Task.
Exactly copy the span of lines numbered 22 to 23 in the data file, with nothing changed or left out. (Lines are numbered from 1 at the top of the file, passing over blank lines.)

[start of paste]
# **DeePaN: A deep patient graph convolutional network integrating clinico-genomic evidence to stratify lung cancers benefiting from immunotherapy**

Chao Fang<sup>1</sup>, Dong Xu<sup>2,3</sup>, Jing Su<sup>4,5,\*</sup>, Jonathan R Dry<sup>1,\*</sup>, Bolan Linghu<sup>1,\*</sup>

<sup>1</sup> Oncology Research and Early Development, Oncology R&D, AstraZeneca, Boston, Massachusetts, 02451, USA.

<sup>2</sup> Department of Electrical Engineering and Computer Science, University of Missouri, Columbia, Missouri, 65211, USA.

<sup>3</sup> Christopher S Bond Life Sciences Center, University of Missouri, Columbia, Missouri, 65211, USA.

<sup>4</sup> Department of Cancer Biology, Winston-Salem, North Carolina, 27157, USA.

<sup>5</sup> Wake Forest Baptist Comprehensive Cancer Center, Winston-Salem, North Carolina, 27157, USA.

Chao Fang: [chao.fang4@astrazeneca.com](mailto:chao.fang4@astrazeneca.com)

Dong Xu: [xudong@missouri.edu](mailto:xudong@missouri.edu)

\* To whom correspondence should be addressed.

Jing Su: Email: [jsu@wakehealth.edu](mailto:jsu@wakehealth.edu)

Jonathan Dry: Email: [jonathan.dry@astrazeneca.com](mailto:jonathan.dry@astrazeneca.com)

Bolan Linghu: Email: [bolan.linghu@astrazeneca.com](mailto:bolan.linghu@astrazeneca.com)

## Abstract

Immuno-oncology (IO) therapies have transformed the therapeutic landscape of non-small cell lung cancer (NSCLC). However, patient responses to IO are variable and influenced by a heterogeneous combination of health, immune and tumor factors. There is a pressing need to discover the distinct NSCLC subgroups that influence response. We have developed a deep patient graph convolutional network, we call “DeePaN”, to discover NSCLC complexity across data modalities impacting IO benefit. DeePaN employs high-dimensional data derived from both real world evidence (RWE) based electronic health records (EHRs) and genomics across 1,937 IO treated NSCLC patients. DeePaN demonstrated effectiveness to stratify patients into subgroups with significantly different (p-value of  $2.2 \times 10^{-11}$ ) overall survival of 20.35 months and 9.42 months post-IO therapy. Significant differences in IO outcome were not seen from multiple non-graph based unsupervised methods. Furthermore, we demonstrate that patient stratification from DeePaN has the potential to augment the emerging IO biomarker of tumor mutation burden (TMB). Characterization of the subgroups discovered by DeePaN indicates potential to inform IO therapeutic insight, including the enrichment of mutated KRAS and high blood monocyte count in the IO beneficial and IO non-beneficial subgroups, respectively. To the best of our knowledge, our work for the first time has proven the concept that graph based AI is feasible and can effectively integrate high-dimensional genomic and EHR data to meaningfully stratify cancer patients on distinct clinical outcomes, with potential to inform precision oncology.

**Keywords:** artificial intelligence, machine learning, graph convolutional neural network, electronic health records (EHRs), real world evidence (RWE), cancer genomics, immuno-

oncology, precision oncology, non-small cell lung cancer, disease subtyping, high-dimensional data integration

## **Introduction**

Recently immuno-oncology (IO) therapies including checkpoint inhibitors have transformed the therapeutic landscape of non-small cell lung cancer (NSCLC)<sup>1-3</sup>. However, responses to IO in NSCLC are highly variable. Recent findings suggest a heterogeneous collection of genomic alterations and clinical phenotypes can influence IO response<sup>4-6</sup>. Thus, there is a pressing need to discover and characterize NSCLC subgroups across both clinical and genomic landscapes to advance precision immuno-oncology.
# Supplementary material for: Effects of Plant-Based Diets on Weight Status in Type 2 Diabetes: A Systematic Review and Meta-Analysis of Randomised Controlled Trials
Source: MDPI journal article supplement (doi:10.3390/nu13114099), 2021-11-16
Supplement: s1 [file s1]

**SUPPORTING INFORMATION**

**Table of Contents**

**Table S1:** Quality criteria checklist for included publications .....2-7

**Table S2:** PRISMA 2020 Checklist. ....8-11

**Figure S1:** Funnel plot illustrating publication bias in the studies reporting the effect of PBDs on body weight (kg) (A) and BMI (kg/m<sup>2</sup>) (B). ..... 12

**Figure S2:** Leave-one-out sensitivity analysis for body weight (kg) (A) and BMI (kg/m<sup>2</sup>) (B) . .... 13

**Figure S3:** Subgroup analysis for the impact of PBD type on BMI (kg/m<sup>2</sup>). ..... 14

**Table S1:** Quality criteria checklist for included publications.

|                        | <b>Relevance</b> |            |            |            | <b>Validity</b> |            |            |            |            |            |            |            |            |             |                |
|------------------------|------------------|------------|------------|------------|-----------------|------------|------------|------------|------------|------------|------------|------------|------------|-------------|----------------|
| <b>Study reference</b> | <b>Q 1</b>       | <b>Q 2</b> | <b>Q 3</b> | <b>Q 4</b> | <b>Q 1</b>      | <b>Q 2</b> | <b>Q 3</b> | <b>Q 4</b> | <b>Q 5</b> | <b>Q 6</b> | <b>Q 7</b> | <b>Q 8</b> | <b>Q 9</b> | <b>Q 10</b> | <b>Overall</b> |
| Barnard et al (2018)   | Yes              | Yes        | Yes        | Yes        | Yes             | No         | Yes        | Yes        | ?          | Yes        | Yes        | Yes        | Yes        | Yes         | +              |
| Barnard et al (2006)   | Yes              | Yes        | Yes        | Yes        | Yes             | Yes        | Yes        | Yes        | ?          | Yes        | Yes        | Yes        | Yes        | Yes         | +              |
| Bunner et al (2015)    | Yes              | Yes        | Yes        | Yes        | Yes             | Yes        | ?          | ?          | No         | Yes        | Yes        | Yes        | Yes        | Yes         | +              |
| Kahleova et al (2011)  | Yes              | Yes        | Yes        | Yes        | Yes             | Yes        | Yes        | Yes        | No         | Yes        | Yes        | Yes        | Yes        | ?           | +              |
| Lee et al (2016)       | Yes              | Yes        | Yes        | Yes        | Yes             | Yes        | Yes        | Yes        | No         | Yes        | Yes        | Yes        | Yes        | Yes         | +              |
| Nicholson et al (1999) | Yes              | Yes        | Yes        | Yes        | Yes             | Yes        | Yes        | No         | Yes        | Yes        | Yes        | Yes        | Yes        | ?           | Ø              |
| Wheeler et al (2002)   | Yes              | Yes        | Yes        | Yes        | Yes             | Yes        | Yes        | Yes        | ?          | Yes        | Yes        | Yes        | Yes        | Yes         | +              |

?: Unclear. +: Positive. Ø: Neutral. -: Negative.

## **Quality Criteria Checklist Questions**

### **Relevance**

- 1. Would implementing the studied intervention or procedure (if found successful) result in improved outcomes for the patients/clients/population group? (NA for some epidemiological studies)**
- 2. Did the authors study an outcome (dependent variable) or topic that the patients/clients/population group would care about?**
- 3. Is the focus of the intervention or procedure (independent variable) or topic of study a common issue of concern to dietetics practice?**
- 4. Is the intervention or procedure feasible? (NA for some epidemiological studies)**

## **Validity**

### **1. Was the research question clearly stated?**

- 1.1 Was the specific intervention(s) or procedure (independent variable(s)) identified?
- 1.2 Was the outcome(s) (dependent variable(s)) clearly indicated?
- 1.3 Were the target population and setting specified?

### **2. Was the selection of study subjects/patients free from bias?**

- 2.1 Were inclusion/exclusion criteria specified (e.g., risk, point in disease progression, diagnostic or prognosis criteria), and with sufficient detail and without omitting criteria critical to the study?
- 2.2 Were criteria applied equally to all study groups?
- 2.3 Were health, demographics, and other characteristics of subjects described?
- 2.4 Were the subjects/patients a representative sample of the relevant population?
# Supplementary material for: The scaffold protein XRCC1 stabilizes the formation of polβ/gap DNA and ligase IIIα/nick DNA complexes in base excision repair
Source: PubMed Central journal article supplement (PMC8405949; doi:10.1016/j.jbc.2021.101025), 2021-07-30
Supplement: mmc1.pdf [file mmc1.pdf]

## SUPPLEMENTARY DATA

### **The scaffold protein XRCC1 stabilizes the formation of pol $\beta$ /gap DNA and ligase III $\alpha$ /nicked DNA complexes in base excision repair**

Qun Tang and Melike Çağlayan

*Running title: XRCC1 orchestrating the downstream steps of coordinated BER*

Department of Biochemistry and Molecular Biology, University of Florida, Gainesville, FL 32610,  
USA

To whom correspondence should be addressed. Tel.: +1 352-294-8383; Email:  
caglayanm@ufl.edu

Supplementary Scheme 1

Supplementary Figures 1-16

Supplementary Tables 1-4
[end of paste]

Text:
Supplement: s1 [file s1]

**SUPPORTING INFORMATION**